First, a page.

Pakistan, Pyramids and Politics
Over the past two months, events in Pakistan, Egypt and Turkey have geographically framed the ongoing destruction of cultural property in Syria and looting in Afghanistan. The bust of a smuggling ring in Karachi, rhetoric of destroying pyramids in Egypt and Turkey’s claims of repatriation do not overshadow the bombing of historic buildings in Syria, but the events do illustrate the political and economic significance of cultural property outside of armed conflict.
Previous posts have recounted reports on calls by Muslim religious leaders to destroy, or conceal in wax, the pyramids at Giza (2012-07-14) and have described Turkey’s assertiveness in reclaiming antiquities from museums worldwide (2012-03-13). In July, an event in Pakistan involved looted relics with political, as well as financial, implications.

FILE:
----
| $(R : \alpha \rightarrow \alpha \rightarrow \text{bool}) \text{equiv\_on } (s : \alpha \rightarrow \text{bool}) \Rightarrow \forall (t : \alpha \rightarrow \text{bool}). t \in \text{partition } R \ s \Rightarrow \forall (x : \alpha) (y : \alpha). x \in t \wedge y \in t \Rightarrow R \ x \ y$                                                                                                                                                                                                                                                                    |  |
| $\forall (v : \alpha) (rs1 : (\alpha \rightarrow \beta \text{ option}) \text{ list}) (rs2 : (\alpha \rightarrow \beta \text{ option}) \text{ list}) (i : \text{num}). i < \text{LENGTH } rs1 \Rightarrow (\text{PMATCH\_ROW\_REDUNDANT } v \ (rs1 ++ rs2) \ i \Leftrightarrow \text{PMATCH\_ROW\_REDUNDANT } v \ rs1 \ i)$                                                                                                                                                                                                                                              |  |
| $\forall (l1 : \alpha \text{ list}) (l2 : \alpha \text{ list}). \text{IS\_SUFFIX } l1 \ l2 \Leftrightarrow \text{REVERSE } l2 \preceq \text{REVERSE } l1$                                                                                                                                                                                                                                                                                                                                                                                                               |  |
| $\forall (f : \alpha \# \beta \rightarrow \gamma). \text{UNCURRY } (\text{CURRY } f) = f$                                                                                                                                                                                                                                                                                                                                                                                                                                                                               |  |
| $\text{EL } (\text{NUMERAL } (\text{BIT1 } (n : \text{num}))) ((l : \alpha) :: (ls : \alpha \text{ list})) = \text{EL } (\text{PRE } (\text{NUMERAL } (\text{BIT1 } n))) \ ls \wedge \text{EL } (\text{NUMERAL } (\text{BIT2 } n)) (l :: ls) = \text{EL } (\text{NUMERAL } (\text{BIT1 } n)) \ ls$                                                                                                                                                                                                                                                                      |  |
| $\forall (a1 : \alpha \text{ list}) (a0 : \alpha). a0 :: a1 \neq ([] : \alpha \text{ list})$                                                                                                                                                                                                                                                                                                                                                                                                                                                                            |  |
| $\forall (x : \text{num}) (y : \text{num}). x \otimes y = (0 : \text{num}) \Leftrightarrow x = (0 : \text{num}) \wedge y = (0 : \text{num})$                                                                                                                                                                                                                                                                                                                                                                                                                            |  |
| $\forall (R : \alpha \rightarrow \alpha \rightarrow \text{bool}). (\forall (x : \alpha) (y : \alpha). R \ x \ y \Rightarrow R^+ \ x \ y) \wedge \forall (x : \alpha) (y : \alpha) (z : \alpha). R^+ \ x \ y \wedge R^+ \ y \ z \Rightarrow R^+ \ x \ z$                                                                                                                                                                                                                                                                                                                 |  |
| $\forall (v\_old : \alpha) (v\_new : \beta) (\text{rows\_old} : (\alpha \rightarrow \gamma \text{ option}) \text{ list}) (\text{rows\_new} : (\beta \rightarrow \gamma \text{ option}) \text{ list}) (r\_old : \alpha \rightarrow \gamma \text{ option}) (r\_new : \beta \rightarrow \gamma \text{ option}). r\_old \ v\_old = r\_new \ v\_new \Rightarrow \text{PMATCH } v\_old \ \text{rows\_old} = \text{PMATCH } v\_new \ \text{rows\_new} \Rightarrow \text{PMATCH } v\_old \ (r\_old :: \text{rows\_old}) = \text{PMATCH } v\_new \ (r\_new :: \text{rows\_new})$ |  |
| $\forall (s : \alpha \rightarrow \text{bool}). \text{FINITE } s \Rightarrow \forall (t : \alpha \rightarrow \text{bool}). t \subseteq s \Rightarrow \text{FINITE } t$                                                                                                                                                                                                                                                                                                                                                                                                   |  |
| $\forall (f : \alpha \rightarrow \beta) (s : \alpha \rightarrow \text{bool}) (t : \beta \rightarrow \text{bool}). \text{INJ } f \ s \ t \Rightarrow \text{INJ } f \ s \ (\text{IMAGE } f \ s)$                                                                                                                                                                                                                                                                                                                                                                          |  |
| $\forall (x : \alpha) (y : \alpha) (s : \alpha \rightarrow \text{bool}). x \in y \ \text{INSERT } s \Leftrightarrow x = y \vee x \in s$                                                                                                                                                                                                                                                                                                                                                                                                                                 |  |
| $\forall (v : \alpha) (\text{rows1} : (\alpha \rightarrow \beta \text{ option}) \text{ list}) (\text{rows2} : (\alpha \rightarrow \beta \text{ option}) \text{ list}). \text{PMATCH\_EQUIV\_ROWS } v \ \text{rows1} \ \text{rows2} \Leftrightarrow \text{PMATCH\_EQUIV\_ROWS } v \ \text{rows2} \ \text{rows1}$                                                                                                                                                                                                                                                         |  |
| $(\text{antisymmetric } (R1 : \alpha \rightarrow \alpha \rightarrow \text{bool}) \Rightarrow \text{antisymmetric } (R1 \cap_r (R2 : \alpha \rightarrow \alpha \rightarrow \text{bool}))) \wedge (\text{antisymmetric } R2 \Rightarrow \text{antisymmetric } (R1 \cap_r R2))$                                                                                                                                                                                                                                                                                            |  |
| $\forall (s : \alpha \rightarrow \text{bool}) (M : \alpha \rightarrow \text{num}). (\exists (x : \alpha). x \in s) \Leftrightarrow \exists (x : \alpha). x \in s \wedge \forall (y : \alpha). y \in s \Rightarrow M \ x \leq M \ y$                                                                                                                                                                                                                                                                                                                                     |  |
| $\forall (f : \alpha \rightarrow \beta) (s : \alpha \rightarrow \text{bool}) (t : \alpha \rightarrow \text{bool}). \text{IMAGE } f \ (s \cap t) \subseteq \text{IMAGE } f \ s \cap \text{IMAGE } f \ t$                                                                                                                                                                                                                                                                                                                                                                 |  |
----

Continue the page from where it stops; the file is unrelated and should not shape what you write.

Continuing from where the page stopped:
Police in Karachi seized a container truck of Buddhist relics from the Gandhara region, which stretches from Pakistan into Afghanistan (1). On the financial side, the region is targeted by looters, who provide relics to collectors worldwide. Vandalism and destruction of Buddhist artifacts also has a political side in that Taliban militants are suspected of removing the relics from Pakistan and hard-line Muslims, who view images of Buddha as false idols, destroy the cultural artifacts.
Destruction of fortresses and historic structures in Syria is tragic and irreversible. As related in a recent post (2012-08-03), targeting of the crusader-era castle of the Crac des Chevaliers illustrates the threat to cultural security during armed conflict. As exemplified by the tactics of Turkey, the rhetoric of Muslim religious leaders, and smugglers in Pakistan, the political economy of cultural property creates risk for antiquities and monuments in peacetime as well.
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